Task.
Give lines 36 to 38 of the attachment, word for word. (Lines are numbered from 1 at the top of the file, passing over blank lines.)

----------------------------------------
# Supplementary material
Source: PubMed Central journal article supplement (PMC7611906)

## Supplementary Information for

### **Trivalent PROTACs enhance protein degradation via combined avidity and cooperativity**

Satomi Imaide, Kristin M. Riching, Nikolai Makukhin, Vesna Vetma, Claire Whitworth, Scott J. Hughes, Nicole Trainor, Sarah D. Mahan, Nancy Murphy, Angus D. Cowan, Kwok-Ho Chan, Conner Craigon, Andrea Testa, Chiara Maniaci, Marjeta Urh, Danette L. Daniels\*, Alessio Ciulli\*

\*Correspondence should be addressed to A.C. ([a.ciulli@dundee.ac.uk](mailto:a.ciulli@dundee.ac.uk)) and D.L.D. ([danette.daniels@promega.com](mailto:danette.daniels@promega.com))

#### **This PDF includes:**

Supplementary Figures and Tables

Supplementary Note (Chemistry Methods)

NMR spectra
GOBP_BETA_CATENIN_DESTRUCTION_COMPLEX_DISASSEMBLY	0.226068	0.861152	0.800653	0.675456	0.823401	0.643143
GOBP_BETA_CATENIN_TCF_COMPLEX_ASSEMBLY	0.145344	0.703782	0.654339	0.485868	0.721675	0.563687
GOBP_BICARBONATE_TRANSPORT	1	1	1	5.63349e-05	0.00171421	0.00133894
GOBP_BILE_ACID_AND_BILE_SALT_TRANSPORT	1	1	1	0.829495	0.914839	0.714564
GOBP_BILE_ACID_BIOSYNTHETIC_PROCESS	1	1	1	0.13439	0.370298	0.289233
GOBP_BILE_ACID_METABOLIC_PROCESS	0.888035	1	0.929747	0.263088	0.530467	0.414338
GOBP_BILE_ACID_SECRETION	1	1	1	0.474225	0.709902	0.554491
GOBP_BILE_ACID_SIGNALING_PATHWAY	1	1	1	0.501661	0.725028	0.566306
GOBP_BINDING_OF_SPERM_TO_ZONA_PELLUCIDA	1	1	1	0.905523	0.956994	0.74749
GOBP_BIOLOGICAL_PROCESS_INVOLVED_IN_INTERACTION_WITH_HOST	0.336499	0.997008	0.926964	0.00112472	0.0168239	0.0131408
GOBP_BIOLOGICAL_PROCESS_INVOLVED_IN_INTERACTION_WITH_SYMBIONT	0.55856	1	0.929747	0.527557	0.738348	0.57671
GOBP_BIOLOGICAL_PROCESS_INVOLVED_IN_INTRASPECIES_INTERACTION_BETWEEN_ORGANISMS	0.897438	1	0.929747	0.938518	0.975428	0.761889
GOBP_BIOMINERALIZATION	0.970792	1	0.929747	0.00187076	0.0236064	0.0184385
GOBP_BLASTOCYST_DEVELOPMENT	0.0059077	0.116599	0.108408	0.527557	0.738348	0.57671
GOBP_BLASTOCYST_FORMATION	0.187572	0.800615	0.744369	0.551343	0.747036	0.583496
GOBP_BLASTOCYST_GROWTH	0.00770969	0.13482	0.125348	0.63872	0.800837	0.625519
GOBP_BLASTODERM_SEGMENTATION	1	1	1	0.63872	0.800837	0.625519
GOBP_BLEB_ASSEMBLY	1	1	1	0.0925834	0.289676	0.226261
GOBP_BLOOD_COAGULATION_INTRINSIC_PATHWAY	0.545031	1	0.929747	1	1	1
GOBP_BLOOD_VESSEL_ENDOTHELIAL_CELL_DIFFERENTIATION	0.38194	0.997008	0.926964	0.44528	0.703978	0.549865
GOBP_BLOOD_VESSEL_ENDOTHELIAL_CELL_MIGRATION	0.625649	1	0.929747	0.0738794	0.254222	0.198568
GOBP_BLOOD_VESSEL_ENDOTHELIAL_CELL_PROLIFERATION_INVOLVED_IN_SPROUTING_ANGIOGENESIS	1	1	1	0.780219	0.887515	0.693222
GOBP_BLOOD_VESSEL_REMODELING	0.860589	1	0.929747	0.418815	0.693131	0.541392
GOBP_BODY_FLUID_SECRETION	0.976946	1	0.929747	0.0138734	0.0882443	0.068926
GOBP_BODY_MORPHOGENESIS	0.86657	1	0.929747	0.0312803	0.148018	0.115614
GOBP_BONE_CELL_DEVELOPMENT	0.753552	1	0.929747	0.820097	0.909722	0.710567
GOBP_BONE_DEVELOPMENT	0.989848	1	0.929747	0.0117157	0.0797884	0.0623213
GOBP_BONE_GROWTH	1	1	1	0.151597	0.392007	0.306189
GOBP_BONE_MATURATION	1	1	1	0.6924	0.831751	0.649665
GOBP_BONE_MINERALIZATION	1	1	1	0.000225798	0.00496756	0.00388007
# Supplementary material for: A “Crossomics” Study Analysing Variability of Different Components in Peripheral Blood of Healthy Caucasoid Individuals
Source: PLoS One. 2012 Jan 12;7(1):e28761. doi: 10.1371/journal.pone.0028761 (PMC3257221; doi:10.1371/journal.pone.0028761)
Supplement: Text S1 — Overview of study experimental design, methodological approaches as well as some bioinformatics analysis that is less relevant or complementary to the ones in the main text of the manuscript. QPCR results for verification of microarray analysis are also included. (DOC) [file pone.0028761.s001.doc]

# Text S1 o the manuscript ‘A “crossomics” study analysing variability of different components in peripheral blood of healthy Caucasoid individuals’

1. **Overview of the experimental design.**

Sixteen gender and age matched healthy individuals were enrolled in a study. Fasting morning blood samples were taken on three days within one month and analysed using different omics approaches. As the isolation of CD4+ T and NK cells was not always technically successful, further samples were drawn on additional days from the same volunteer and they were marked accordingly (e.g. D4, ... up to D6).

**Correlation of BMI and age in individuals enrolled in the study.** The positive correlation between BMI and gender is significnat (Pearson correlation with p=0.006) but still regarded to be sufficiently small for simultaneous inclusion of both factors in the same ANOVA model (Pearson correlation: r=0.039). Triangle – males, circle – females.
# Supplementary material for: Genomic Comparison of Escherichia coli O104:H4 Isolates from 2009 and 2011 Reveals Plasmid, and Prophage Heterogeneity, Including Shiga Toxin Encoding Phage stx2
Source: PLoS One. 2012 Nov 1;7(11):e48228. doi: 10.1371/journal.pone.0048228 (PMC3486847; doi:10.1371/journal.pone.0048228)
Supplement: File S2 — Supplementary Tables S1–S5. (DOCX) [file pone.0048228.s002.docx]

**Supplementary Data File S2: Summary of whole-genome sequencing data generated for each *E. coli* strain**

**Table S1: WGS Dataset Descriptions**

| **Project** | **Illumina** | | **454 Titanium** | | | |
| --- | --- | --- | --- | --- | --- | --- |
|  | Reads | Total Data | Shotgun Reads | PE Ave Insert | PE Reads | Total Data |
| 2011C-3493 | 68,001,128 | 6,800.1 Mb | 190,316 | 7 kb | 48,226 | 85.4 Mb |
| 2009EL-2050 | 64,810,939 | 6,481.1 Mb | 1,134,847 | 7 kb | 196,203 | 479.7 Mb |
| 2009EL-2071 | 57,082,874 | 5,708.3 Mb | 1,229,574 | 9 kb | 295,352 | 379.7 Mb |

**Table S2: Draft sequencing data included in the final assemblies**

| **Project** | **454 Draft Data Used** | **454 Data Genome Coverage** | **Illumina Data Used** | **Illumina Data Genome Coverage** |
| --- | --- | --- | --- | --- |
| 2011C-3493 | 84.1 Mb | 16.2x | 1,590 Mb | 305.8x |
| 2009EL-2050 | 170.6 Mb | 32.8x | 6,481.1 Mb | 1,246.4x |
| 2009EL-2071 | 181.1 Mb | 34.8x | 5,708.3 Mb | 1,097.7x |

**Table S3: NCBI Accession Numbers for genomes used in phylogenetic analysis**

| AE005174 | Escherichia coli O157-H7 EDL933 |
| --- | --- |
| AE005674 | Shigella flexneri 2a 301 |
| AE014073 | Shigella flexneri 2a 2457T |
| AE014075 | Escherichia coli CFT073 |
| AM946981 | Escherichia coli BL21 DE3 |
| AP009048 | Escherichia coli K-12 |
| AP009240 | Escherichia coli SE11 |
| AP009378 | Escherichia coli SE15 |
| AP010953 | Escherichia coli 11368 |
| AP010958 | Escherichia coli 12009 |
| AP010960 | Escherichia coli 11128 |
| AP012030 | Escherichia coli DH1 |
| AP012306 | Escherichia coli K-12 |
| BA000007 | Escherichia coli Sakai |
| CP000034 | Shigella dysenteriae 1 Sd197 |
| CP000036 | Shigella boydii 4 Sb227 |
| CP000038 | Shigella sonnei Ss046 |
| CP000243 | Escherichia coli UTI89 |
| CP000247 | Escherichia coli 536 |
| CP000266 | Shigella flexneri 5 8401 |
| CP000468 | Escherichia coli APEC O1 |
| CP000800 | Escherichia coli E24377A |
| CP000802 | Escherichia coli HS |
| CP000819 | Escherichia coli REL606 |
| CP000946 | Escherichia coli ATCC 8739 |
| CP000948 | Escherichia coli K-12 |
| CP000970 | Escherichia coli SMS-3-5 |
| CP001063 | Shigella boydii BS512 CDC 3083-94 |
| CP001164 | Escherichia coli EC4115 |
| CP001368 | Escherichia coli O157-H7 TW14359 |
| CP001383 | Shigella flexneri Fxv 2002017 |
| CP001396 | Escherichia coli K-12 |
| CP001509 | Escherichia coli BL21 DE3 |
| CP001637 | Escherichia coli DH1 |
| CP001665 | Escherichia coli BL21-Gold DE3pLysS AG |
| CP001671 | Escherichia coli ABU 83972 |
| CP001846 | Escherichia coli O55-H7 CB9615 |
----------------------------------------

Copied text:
GOBP_BONE_CELL_DEVELOPMENT	0.753552	1	0.929747	0.820097	0.909722	0.710567
GOBP_BONE_DEVELOPMENT	0.989848	1	0.929747	0.0117157	0.0797884	0.0623213
GOBP_BONE_GROWTH	1	1	1	0.151597	0.392007	0.306189